Disclaimer and warning: I suggest you read this entire blog post first before running anything and do some testing locally if you can, or at least read the contents of each script, before running them. I accept absolutely no responsibility for you locking yourself out of your server using these scripts. They worked for me on FreeBSD 6.2 and FreeBSD 6.3. At the very least you should do these on a remote machine that is not currently in production.

I had a whole bunch of firewall rules running on my gateway for various servers. It became cumbersome administrating them all centrally, so I decided that it would be much better to have all my servers run their own firewall rules.

My servers are in a different city, so I had to do this all remotely. Unfortunately playing around with ipfw remotely is pretty dicey because you generally have the ability to completely lock yourself out of your server.

The Code

So, without further ado, here is my set of scripts for safely doing ipfw stuff remotely:


That tarball contains the following files:

  • add_rules_safely: the script you call to add rules safely
  • add_rules_then_flush: used by add_rules_safely
  • ipfw_flush: called by add_rules_then_flush if it's not killed
  • kldload_ipfw_safely: the script you call to initialise ipfw on a server
  • kldload_ipfw_then_allow: called by kldload_ipfw_safely
  • rules_to_add: a list of firewalls you want to add


When you're running this on a server which doesn't have ipfw compiled in the kernel, you can either compile it into the kernel, or you can load it into the kernel dynamically by doing (as root):


Once you're happy with your rules, you can load ipfw automatically in /boot/loader.conf (or statically compile it into the kernel), but until then it's best to leave it out so that if you really mess up you can always just power cycle the machine and ipfw won't be there anymore.

Once you've got ipfw running, you should be able to do (as root):

ipfw list

which will display:

00010 allow ip from any to any
65535 deny ip from any to any

Now, having done that, you can test out the script to add rules safely. By default when you first download the tarball above, and kldload ipfw safely using the command above, you'll have a rule 00010 which allows any to any. The rules_to_add file as you downloaded it will delete this rule, locking you out of your server. The "sleep" value in add_rules_then_flush as you downloaded it is 10, so if you were to do:


with the files downloaded in that tarball "out of the box" so to speak, you would be locked out of your server for 10 seconds, then the rules will be flushed and you will be able to get back in.

Now, the general procedure for adding more rules will be to first of all edit the sleep interval in add_rules_then_flush to something that will allow you to kill that script if your rules did not block you out, then put some more meaningful rules in your rules_to_add file.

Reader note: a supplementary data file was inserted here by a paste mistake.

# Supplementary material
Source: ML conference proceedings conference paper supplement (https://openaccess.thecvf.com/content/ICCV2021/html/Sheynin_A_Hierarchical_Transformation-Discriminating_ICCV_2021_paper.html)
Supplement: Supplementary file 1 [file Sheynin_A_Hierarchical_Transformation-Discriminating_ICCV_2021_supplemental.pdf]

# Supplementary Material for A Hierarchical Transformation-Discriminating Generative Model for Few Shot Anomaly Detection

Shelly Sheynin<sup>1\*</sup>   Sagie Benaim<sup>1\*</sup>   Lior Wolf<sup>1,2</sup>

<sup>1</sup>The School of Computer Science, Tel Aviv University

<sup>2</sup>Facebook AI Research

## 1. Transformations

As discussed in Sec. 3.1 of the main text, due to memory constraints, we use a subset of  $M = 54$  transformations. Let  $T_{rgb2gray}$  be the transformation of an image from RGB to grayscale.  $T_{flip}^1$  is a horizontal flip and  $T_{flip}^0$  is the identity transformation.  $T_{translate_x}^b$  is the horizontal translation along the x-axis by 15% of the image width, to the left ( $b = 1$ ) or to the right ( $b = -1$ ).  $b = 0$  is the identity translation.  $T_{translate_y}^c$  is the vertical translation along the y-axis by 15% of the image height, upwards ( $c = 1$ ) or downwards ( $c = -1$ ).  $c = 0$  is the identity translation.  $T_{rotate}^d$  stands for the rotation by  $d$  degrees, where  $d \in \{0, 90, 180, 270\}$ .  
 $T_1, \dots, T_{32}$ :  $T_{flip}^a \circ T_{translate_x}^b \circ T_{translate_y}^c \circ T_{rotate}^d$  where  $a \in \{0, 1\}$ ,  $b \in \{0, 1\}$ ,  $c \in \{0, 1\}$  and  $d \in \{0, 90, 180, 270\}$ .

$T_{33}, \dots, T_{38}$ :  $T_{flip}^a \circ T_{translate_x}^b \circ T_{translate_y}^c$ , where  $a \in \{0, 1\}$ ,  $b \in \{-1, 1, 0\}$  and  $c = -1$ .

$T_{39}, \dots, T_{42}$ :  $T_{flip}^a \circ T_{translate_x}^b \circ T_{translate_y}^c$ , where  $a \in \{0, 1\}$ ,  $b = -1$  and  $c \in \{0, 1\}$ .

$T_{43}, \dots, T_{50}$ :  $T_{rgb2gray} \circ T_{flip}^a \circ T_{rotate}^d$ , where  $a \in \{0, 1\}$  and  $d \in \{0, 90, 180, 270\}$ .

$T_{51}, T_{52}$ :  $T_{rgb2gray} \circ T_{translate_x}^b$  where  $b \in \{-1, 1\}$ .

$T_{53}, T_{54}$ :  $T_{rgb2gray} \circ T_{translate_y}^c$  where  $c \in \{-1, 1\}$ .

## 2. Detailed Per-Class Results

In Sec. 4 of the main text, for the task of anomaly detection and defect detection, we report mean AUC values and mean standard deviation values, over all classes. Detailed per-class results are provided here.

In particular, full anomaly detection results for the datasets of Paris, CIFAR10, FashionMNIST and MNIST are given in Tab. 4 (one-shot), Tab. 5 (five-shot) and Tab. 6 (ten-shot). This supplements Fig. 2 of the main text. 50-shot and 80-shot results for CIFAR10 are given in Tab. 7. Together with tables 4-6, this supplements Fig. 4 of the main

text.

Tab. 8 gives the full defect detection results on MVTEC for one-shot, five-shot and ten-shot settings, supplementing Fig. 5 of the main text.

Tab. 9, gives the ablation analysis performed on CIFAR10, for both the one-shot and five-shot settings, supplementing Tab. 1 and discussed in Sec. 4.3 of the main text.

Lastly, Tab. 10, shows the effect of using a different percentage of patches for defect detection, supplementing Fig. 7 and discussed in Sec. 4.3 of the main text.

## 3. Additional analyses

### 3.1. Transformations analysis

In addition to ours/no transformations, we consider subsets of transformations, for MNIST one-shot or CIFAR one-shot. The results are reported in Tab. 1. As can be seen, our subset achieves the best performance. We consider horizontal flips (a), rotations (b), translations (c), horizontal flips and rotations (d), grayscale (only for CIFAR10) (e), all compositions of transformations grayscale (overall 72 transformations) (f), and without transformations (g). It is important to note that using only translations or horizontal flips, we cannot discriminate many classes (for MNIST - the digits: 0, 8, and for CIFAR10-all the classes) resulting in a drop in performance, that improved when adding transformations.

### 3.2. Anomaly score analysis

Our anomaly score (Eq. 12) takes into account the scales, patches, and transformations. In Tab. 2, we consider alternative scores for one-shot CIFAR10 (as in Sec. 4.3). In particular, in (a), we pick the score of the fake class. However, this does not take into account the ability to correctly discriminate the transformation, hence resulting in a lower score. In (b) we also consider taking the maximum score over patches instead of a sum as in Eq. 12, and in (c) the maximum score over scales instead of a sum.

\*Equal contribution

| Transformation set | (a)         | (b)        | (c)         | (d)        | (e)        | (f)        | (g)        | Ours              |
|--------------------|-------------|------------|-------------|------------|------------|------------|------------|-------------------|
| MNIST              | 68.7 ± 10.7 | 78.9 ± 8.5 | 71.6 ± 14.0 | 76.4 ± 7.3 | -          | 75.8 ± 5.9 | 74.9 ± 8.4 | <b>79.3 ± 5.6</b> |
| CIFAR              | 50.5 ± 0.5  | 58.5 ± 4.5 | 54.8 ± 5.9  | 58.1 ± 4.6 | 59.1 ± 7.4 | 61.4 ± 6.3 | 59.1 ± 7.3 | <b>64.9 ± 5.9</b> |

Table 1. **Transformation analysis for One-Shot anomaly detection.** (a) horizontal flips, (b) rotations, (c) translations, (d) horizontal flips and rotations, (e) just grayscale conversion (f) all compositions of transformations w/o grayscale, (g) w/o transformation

What this means is that you'll be able to add your rules safely. If all goes well, and you still have access to your box, then you'll be able to kill the script before it flushes your rules.

If you experience ipFAILw, and you get locked out of your server, then after the sleep interval is over, your rules will get flushed and you can log back in.

Comments Archive

This post originally appeared on an older version of the Working Software website which implemented it's own comment mechanism. This new version of our website/blog uses Disqus for comments (see below) however I wanted to preserve the comments made on the previous post here:


jsoftw (2008-08-27)

UPDATE Wednesday December 29, 2010 14:06 GMT+11: This article has been updated again with details of the project hosting at github: International Mobile Number Validation PT III

I've setup anonymous CVS access so that everyone can maintain this file. In order to access the file, just do the following:


You will be able to commit that file. The password is empty:


Your commits will be automatically added to the live file at:

The serial number is automatically incremented and prepended to the top of the file via a cron job that runs once per minute. When you commit, include a commit message with what you changed or added, and your name. The commit messages will be published here using the CVS log:

To stop invalid file formats from sneaking in, the automated update system will test parsing the file before publishing it, and will email me if there is a problem. Please try not to break it though, and only update numbering information that you're sure of.

As mentioned in my last post, there is also a sample implementation of how to parse this file in a PHP5 class which you can also access via anonymous CVS:


However access to that project is read only.

Please feel free to contact me if you have any questions, or you can simply subscribe to the users@kannel.org mailing list.

Happy validating!